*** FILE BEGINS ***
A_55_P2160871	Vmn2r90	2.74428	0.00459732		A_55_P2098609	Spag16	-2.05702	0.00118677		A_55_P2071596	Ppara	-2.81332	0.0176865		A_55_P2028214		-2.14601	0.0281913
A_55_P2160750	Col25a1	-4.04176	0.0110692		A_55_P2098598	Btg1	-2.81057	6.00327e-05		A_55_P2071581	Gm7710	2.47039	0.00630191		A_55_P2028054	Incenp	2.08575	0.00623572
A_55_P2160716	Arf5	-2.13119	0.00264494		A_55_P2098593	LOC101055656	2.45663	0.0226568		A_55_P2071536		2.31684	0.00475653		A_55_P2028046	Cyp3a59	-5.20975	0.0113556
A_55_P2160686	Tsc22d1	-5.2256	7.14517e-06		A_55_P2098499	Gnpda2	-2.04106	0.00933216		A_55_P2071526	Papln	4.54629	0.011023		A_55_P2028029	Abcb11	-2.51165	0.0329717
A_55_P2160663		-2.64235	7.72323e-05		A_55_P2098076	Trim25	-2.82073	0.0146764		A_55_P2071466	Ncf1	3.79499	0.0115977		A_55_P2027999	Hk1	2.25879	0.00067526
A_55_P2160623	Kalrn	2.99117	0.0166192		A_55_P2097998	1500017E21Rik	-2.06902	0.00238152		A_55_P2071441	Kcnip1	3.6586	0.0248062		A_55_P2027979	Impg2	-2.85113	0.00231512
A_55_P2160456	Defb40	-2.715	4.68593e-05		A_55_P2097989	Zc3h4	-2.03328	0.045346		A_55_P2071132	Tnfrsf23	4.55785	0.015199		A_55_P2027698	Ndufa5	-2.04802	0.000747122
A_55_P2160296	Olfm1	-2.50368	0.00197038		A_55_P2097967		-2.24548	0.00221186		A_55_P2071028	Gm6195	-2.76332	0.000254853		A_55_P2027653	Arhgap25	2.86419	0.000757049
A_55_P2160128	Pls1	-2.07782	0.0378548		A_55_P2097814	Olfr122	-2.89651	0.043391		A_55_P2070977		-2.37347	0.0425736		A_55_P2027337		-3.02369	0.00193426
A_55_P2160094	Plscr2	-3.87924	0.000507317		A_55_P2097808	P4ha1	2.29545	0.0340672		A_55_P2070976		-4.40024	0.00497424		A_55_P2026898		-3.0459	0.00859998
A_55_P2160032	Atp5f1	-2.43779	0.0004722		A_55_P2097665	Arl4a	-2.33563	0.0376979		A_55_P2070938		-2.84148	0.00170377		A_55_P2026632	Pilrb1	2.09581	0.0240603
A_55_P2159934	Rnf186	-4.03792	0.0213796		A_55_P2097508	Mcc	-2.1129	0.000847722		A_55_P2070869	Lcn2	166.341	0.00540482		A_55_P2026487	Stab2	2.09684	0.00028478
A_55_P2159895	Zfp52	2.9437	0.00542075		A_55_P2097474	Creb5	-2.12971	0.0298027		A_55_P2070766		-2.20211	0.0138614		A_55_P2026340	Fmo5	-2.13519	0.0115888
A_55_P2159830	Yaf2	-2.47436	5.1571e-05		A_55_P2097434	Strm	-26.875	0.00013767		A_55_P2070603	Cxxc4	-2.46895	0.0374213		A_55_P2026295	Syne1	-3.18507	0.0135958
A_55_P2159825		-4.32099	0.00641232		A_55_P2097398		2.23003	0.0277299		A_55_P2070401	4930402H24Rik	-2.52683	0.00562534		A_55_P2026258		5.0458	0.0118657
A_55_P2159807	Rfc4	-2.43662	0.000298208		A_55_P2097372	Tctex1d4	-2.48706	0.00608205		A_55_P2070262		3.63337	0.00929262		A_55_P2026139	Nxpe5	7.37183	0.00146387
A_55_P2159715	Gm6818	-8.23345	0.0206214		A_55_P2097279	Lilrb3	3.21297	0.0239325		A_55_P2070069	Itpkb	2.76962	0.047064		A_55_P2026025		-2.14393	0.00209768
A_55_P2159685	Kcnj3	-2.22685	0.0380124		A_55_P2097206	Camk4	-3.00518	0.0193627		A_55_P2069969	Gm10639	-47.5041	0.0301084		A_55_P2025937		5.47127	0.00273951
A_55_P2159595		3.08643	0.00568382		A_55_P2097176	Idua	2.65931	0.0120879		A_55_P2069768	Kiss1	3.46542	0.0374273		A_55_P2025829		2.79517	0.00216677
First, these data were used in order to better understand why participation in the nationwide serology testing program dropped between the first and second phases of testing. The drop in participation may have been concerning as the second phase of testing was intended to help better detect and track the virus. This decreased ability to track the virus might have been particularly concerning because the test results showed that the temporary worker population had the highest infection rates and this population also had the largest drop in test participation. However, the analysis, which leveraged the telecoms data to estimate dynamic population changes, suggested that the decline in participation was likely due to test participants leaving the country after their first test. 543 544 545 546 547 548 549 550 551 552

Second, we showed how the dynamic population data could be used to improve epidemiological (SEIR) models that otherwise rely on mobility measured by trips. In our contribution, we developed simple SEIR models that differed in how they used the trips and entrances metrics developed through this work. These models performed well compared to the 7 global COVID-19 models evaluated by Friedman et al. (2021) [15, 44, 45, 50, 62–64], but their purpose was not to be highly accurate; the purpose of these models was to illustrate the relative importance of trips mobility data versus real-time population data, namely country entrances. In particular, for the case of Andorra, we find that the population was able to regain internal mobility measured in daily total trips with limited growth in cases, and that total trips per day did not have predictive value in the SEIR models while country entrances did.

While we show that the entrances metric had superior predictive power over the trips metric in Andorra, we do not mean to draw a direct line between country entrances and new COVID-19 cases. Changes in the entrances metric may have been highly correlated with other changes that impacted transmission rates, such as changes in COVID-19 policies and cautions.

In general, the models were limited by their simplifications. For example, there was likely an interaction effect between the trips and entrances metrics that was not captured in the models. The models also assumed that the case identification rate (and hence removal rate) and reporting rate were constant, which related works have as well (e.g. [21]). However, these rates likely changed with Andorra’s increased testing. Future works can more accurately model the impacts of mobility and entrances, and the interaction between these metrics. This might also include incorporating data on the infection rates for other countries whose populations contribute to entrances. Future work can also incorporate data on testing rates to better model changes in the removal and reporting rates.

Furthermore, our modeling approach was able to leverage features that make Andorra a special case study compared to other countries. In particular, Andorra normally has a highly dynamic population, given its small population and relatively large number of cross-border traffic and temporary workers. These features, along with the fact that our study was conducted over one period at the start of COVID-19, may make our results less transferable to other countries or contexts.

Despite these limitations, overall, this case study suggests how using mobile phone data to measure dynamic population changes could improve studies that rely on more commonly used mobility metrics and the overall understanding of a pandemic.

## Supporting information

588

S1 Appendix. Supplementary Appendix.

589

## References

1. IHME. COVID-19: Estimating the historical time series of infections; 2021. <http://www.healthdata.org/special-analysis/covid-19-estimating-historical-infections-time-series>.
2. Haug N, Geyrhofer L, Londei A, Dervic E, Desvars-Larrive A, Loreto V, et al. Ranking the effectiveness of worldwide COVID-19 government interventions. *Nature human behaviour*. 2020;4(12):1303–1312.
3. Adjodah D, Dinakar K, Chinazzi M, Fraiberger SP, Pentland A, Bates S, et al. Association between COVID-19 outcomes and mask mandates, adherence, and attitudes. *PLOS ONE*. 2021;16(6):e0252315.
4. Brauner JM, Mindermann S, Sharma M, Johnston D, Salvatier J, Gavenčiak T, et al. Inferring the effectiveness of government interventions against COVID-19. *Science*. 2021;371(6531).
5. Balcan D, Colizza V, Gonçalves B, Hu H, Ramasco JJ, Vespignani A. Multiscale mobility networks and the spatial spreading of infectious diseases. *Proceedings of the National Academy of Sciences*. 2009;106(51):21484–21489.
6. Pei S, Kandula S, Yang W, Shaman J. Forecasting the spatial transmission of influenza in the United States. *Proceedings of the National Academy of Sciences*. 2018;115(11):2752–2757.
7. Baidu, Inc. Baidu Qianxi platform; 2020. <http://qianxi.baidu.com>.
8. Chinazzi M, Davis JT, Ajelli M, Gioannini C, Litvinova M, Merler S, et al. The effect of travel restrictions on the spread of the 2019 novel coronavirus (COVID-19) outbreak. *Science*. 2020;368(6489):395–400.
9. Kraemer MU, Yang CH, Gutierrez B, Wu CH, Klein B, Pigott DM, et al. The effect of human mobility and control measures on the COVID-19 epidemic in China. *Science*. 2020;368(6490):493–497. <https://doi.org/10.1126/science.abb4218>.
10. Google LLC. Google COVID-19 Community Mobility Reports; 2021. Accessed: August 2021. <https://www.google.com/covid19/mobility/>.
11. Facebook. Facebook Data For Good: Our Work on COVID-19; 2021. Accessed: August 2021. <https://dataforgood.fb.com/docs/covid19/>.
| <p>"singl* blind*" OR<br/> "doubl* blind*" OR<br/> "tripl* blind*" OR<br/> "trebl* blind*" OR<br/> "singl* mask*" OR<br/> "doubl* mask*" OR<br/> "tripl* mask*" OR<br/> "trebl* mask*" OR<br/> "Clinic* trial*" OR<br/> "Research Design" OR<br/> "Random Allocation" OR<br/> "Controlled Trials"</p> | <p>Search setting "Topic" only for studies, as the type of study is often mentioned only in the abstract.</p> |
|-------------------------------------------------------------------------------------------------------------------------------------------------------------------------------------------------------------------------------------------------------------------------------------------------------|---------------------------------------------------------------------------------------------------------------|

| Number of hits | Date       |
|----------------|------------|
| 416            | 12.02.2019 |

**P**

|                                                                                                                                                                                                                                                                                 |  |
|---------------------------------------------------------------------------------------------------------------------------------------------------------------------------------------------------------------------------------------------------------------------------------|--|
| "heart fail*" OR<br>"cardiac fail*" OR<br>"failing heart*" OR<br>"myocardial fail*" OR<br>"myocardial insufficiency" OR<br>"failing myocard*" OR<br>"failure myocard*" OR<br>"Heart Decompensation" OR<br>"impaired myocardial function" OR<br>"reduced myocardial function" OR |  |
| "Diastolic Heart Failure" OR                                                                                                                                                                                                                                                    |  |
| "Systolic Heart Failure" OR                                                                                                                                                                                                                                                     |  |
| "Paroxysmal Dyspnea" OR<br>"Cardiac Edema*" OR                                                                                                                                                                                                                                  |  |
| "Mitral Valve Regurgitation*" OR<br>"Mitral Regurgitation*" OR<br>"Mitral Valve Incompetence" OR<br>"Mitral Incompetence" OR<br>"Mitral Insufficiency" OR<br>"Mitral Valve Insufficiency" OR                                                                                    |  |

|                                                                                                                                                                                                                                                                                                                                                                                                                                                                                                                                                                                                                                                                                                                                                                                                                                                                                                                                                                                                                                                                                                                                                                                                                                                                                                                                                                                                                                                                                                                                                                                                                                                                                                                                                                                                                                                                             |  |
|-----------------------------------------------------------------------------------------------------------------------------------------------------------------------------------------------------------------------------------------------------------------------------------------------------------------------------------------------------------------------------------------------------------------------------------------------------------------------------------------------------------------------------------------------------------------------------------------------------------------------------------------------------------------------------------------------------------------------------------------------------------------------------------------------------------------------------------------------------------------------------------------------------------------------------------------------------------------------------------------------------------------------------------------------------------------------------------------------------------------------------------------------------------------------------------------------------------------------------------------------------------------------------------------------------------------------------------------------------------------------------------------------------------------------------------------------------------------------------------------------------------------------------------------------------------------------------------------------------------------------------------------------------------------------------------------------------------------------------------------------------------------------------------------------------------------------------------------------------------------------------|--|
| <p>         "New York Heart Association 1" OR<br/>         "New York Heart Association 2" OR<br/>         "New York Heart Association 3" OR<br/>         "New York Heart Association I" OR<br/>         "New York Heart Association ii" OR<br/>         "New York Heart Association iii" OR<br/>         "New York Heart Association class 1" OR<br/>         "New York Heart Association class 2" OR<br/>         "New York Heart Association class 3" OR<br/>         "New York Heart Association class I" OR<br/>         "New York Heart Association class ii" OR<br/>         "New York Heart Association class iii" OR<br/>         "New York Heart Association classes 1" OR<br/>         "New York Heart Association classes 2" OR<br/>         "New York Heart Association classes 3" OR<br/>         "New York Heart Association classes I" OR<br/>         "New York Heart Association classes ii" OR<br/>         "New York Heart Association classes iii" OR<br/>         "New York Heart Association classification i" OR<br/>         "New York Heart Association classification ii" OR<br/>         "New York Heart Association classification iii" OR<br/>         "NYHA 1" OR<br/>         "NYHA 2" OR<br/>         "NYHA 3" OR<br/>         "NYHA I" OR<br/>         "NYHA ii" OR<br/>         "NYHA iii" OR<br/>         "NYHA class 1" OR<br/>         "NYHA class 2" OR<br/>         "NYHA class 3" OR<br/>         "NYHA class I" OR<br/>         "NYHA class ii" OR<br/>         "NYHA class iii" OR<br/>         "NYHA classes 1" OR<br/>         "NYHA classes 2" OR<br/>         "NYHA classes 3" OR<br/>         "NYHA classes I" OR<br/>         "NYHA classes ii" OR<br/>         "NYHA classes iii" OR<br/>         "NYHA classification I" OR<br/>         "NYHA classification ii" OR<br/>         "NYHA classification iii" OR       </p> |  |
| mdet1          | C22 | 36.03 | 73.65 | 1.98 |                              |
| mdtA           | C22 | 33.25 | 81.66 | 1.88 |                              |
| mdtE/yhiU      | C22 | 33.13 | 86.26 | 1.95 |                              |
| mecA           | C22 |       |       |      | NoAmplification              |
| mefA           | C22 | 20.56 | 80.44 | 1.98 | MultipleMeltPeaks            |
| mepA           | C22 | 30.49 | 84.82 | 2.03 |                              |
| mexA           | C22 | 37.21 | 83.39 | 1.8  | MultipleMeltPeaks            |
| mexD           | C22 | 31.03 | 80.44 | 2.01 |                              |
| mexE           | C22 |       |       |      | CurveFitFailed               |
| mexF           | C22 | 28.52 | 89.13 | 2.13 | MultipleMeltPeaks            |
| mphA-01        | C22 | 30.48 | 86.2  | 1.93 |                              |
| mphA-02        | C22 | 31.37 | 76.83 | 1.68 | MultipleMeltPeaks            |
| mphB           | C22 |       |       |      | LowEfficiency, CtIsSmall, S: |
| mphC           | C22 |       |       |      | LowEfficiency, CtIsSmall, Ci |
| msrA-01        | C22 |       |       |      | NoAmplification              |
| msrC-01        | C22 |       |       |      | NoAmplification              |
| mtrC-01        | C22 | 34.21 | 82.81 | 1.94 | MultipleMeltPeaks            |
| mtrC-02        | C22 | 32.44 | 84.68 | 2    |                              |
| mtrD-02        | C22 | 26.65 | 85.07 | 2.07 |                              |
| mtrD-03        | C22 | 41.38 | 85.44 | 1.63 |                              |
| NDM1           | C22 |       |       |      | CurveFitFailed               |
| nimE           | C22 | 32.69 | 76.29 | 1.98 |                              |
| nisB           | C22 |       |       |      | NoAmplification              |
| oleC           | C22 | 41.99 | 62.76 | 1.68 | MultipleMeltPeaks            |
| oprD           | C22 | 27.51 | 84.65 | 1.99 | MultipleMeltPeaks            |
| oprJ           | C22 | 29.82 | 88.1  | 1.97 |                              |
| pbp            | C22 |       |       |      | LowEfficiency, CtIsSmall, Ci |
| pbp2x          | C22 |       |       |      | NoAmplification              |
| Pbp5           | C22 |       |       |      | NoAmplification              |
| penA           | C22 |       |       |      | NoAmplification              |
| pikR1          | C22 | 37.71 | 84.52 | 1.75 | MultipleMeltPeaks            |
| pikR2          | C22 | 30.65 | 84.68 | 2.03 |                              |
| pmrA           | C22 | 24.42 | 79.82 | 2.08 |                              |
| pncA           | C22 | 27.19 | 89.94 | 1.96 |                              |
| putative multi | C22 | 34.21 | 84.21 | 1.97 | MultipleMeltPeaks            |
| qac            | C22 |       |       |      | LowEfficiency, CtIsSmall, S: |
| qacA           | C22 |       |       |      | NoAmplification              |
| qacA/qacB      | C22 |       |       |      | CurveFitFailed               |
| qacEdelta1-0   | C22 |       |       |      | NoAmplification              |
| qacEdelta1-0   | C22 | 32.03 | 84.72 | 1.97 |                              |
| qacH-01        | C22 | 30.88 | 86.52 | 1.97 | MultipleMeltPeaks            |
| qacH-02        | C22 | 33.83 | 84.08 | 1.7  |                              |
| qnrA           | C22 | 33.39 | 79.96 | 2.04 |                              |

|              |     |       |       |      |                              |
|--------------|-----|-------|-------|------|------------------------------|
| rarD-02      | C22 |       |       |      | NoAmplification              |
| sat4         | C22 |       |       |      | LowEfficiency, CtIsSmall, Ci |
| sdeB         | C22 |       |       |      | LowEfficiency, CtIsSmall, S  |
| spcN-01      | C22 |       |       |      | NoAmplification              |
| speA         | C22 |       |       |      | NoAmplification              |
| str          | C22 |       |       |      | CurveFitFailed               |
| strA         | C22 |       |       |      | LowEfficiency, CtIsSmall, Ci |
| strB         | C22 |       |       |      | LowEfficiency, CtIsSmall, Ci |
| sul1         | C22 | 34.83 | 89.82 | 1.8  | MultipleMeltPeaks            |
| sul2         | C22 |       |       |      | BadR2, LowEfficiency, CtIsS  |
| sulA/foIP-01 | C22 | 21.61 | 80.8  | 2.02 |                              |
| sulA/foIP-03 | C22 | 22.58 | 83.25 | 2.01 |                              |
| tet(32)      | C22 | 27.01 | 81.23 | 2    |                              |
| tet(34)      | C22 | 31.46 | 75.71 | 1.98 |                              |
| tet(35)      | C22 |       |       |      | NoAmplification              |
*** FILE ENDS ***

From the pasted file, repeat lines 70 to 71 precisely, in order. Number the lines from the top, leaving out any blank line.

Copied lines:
| mphB           | C22 |       |       |      | LowEfficiency, CtIsSmall, S: |
| mphC           | C22 |       |       |      | LowEfficiency, CtIsSmall, Ci |